I’ve already dabbled in FL Flip writing in the EFL classroom, Why flipped learning has got me excited but have yet to make my first video and flip in earnest. Although I have learnt that flipping is not all about the videos, they will be an integral part of flipping vocabulary and grammar in my classes.  My aim this summer then, is to get to grips with some of the video making options and tools, lose my inhibitions (!?) and make some videos…


Apart from some great advice offered on the course, I’ve also been getting inspiration from other educators who are already flipping their teaching. Continue reading

What makes a good teacher word cloud

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Anyone who read my very first post Blogging and the art of procrastination will know that, among other things, it took me a while to find a name for this blog.

Why ACE?  What can I say, I’m an 80’s kid… Everything that’s “awesome” now, was “ace” in the 80’s (where I was growing up) and it’s one of my all-time favourite words. Synonyms are; excellent, outstanding, first-class, first-rate, brilliant, expert

So, am I an ace English teacher? Not always.  Do I aspire to be?  Of course, hence this blog…

light bulb

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Save time planning lessons with Google Docs

It’s that time of year again…almost but not quite there! In some respects these are the most difficult days to plan for.  There’s no new content to be taught, exams are over and students are waiting for their reports, daydreaming about the summer holidays…  Unfortunately whilst students are in mode “relax,”  teachers are definitely not! There’s still class and you’re running around like a headless chicken: correcting exams, writing reports, preparing resits and planning lessons!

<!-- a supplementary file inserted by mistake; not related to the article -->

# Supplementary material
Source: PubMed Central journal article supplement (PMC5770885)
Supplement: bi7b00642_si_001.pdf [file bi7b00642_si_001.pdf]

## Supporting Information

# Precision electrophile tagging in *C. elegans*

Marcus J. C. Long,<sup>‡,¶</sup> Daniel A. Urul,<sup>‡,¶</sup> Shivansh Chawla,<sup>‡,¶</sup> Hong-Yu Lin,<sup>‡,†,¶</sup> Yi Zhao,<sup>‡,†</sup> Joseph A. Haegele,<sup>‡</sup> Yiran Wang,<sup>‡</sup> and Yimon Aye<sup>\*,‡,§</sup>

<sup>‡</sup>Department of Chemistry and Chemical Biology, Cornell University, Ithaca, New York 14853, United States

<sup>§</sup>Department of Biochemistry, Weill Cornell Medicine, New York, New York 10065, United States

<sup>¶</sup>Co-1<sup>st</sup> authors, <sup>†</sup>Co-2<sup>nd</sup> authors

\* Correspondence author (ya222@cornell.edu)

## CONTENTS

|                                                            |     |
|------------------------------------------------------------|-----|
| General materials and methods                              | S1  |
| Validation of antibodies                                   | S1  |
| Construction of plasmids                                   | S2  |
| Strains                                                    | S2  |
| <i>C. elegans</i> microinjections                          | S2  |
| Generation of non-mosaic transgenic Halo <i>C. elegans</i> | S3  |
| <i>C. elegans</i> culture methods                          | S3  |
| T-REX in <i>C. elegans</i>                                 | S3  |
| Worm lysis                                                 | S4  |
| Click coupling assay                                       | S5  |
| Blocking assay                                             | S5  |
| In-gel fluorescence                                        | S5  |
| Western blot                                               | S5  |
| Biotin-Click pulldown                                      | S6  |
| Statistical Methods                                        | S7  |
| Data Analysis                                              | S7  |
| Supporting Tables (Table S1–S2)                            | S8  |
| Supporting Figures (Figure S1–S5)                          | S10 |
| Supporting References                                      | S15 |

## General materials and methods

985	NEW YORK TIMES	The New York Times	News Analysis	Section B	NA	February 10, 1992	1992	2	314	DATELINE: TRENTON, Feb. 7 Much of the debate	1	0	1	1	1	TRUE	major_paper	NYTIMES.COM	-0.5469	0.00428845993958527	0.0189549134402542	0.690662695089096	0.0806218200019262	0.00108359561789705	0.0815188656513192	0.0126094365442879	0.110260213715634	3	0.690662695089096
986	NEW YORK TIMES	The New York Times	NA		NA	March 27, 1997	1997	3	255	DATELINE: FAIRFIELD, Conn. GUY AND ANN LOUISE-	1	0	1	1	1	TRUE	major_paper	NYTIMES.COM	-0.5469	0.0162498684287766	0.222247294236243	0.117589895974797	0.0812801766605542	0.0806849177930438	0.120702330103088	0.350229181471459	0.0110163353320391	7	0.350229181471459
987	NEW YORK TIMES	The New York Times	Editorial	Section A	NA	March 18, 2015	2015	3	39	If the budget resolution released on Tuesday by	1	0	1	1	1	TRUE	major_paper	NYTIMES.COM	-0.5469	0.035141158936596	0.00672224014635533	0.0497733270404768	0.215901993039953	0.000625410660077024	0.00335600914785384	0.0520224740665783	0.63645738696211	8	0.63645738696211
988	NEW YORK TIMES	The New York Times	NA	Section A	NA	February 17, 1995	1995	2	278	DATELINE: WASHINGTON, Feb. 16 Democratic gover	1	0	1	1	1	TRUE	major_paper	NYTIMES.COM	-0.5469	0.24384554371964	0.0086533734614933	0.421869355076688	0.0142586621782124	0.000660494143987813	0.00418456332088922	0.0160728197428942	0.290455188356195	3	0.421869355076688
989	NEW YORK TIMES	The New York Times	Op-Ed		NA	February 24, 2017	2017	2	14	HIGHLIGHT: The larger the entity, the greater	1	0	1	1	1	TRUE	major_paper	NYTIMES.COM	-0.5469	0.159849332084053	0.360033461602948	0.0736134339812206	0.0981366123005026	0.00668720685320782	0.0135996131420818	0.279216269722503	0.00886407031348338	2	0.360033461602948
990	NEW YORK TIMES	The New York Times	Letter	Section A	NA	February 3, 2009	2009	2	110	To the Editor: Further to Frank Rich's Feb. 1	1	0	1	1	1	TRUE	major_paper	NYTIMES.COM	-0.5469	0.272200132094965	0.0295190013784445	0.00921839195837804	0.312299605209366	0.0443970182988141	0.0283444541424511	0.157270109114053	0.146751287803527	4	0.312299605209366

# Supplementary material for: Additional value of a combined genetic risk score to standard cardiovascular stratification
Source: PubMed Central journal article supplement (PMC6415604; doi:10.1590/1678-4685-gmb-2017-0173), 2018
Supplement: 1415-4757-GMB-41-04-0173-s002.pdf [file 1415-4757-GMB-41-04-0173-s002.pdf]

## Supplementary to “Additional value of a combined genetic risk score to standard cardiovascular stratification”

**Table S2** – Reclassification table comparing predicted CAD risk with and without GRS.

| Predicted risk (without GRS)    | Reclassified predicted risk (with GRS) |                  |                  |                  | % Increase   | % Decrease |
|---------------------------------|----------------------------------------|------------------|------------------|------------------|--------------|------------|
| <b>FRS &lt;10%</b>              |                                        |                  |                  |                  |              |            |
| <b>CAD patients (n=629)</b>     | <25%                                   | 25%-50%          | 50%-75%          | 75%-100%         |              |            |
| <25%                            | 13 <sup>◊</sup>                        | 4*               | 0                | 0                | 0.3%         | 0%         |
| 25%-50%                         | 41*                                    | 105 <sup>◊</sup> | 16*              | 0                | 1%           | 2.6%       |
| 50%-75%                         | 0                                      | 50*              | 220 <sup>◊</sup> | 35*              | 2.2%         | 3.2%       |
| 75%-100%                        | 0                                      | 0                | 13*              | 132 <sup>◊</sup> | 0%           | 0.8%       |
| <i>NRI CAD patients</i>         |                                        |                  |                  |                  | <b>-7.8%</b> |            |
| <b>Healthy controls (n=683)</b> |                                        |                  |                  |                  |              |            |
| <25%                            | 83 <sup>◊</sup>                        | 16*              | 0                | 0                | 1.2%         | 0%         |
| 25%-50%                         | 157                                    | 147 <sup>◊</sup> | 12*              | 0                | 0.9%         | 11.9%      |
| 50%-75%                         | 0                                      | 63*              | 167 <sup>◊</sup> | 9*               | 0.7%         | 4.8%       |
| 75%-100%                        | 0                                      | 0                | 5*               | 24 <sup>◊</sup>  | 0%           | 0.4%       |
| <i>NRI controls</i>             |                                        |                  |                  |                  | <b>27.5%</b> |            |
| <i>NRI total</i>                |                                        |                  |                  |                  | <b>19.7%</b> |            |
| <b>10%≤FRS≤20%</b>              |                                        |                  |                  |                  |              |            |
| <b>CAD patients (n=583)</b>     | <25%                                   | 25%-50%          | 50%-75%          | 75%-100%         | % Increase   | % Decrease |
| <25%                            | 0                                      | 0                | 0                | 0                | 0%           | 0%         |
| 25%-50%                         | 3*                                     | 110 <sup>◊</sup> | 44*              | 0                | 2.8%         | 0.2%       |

Over the years, teachers build up a large bank of resources. My problem is that over these years as my memory has suffered the effects of ageing, remembering and retrieving this information has become increasingly difficult.  Around this time last year while juggling everything else and desperately trying to remember “that great activity” I had done at the end of the summer term the year before (yes my memory is that short) I had a bright idea.  Once again my old friend Google had a hand to play (I make no apologies for being a Google enthusiast, I know it knows everything about me, but it makes my life a whole lot easier…)

Anyone already familiar with my blog may know that I am a huge fan of maximising time. I want to do my job well, however, I also want enough free time to re-energise and avoid burn out! I believe by making small changes we can save huge amounts of time (minimising frustration and stress) without compromising the quality of our classes. This is one of the reasons I created the page Bright ideas to share some of these small changes which have made a difference. Continue reading

Quote determination


Blogging and the art of determination

This post is a “Happy Birthday” message to my blogging self and a kind of sequel to my very first blog post Blogging and the art of procrastination.  It may have taken me a while to get going, but I’m still here one year on (along with my handful of followers, thank you!)

When I realised I’d been blogging for nearly a year, I decided to look back at my first post in which I list my initial doubts and reservations about becoming a blogger (the reasons for my procrastination.)  So, one year on, what have I learned?  What have I still got to learn and how did procrastination become determination? Continue reading